March 18, 1990 elections confirmed the policies of the East German centrist parties, the 'Alliance for Germany' (including the CDU, Christian Democratic Union and the SCU, the Christian Social Union), and their path towards unification (Paterson & Smith, in Smith 1992, p25). This trend was emphasised in the slogans of street marchers, which changed from 'we are the people' to 'we are one people' (Paterson & Smith, in Smith 1992, p14). Here Kohl's personal canvassing of support in the East German elections was essential (Hancock 1993, p226). It was decided that general elections on both sides would only occur after unification.
International acceptance was also required for this transition. Although alliance arrangements made with the US, France and Germany in 1954/1955 had provisions for moves towards a peaceful reunification of Germany, Britain, under Thatcher's leadership, was in early 1990 opposed to the idea of a rapid reunification. As soon as early 1990 top German officials were visiting France and Britain to allay suspicions, while in February an Ottawa (Canada) meeting between the 4 main World War II allies and German representative attempted to iron out various concerns, especially those concerning borders (Rothwell 1990a, p11). These negotiations resulted in the Two Plus Four Talks, in which the USSR, the US, France and Britain (the four powers of WWII) and the two Germanies ironed out many aspects of the path to unification.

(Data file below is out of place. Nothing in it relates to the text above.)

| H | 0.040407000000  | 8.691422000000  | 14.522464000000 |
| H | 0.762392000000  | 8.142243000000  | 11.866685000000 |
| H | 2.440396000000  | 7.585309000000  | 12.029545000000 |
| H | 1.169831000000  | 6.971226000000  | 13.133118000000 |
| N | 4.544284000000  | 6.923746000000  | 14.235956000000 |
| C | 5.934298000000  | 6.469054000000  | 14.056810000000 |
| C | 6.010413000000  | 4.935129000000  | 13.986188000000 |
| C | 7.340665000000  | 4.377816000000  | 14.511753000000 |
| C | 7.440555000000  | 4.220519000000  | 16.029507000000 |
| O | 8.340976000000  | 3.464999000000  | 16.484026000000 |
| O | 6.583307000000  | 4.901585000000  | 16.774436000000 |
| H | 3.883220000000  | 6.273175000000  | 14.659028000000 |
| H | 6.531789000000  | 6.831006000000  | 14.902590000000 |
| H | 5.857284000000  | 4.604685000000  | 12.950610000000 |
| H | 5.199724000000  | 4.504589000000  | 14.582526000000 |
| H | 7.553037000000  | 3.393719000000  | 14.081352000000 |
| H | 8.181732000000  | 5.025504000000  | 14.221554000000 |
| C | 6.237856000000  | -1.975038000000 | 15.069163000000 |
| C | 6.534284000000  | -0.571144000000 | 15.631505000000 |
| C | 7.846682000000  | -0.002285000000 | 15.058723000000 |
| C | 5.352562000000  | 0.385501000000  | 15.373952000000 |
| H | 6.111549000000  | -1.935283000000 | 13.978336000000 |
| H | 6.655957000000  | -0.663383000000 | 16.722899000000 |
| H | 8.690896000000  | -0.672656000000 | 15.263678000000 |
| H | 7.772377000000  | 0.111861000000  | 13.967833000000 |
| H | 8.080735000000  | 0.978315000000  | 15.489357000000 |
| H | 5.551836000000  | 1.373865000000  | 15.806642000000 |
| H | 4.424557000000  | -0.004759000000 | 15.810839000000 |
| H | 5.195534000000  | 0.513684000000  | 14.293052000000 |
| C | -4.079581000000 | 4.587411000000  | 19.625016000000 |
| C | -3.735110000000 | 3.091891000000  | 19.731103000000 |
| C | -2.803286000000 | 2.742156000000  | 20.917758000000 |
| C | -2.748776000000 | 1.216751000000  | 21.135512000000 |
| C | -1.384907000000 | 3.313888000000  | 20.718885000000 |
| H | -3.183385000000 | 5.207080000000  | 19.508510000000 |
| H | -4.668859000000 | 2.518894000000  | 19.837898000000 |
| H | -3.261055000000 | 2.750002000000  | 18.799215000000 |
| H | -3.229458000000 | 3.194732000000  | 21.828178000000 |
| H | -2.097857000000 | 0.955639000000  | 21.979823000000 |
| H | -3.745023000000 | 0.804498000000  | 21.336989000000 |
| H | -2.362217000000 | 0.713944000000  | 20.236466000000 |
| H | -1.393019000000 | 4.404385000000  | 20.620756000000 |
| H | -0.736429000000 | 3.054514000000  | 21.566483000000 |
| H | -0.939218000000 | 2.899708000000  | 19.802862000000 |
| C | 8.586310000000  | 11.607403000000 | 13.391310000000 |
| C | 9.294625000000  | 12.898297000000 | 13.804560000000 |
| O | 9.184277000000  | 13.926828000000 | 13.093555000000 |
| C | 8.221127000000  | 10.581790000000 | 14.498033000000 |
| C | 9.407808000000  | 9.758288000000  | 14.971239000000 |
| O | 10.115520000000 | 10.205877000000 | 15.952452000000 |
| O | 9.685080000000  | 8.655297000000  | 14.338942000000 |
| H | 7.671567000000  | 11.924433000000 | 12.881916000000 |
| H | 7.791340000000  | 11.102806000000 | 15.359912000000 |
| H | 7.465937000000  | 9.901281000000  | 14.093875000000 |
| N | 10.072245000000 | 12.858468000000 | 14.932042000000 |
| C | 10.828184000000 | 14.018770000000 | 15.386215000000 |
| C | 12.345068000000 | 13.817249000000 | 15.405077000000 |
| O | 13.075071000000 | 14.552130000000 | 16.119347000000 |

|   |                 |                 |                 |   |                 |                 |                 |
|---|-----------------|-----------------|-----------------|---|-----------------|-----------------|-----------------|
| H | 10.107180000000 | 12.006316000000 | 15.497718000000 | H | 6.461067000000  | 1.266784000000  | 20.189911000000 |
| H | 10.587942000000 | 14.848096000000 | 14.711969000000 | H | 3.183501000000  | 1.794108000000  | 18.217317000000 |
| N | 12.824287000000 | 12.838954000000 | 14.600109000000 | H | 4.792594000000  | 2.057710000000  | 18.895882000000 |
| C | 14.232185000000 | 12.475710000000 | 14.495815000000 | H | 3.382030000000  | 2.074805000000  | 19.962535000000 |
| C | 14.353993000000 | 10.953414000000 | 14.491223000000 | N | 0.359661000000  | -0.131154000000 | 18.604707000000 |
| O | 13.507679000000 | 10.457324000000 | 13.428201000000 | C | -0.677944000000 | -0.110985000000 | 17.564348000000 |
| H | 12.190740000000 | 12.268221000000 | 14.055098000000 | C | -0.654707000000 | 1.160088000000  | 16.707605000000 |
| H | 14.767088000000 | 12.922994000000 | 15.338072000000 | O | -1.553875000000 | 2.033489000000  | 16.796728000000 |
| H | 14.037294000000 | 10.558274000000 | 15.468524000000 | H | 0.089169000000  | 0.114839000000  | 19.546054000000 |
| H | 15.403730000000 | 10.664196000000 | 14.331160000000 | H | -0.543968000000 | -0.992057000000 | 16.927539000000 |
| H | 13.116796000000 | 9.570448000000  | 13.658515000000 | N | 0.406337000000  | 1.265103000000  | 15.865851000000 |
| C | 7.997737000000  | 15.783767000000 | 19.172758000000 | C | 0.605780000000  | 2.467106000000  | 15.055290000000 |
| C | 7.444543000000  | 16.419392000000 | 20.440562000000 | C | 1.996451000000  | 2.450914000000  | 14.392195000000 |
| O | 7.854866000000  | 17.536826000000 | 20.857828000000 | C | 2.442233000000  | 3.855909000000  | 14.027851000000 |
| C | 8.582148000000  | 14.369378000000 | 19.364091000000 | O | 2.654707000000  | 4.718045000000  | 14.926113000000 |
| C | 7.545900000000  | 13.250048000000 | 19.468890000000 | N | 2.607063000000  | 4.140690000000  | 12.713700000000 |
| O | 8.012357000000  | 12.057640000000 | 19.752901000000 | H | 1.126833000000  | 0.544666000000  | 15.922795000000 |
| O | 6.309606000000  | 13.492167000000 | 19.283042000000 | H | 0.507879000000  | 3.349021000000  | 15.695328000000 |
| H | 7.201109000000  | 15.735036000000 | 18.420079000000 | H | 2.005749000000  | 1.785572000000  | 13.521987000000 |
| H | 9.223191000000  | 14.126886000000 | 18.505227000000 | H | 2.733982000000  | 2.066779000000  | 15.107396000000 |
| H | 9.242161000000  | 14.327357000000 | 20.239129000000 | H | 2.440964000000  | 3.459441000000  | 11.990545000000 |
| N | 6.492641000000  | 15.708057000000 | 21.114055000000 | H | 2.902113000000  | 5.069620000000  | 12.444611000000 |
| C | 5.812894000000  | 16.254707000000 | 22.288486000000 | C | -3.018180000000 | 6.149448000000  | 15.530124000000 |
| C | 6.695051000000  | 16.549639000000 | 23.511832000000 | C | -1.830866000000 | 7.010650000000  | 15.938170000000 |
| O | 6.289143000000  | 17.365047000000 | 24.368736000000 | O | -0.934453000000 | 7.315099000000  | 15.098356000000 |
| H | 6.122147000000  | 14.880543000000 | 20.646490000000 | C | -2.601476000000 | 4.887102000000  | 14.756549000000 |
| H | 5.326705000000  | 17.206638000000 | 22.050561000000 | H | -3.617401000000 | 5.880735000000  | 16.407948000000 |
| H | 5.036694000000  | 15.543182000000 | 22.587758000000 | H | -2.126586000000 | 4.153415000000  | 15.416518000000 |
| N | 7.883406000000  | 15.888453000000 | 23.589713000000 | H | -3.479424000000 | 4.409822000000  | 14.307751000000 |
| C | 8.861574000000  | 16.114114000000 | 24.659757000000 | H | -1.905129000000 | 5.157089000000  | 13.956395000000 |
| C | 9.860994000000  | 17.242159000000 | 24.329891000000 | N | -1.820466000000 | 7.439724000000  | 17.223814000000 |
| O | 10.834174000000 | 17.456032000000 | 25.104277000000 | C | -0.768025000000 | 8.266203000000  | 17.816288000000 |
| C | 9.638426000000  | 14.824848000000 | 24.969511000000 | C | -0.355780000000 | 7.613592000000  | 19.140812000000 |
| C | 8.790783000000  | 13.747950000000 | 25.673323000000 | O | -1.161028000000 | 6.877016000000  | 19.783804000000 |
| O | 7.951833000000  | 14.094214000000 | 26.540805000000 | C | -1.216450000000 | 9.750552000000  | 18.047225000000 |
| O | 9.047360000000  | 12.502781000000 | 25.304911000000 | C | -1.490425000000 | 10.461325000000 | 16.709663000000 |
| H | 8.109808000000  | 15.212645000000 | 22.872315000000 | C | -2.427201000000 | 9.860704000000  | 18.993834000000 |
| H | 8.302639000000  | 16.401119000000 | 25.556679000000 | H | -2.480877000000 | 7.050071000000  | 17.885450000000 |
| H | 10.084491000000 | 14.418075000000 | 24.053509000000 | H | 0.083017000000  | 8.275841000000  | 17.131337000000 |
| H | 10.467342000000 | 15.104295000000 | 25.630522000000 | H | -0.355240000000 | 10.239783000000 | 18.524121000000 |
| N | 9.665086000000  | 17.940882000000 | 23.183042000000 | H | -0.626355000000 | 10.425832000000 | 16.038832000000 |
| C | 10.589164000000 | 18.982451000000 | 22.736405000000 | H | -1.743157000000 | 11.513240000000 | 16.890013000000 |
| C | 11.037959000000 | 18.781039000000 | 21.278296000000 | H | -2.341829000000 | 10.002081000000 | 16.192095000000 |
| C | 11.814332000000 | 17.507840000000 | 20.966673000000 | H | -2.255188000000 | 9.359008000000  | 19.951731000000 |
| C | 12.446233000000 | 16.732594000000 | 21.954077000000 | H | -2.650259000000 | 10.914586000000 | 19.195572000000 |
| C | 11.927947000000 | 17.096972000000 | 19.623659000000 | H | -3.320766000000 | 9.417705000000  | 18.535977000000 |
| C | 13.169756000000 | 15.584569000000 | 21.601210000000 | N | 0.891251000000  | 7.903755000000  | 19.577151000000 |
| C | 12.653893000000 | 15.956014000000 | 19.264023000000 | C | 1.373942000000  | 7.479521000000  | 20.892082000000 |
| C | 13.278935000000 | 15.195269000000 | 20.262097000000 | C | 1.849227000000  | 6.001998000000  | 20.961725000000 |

On 3 October, 1990 the parts of Germany torn apart at the end of World War II were united. This was done not through negotiating a new constitution, but by an adoption of existing constitutional arrangements implicit in the Federal nature of West Germany. Under Article 23 of the Basic Law of the West German state, 5 new Lander or regional states were incorporated into the Federal Republic (Paterson & Smith, in Smith 1992, p9). This was a faster path than the use of Article 146, which states that 'Basic Law shall cease to be in force on the day when a constitution adopted by a free decision of the German people comes into force', i.e. the creation of a brand new constitution (Paterson & Smith, in Smith 1992, p25), perhaps through the use of referendums. West Germany simply expanded its federal structure to include what had once been East Germany.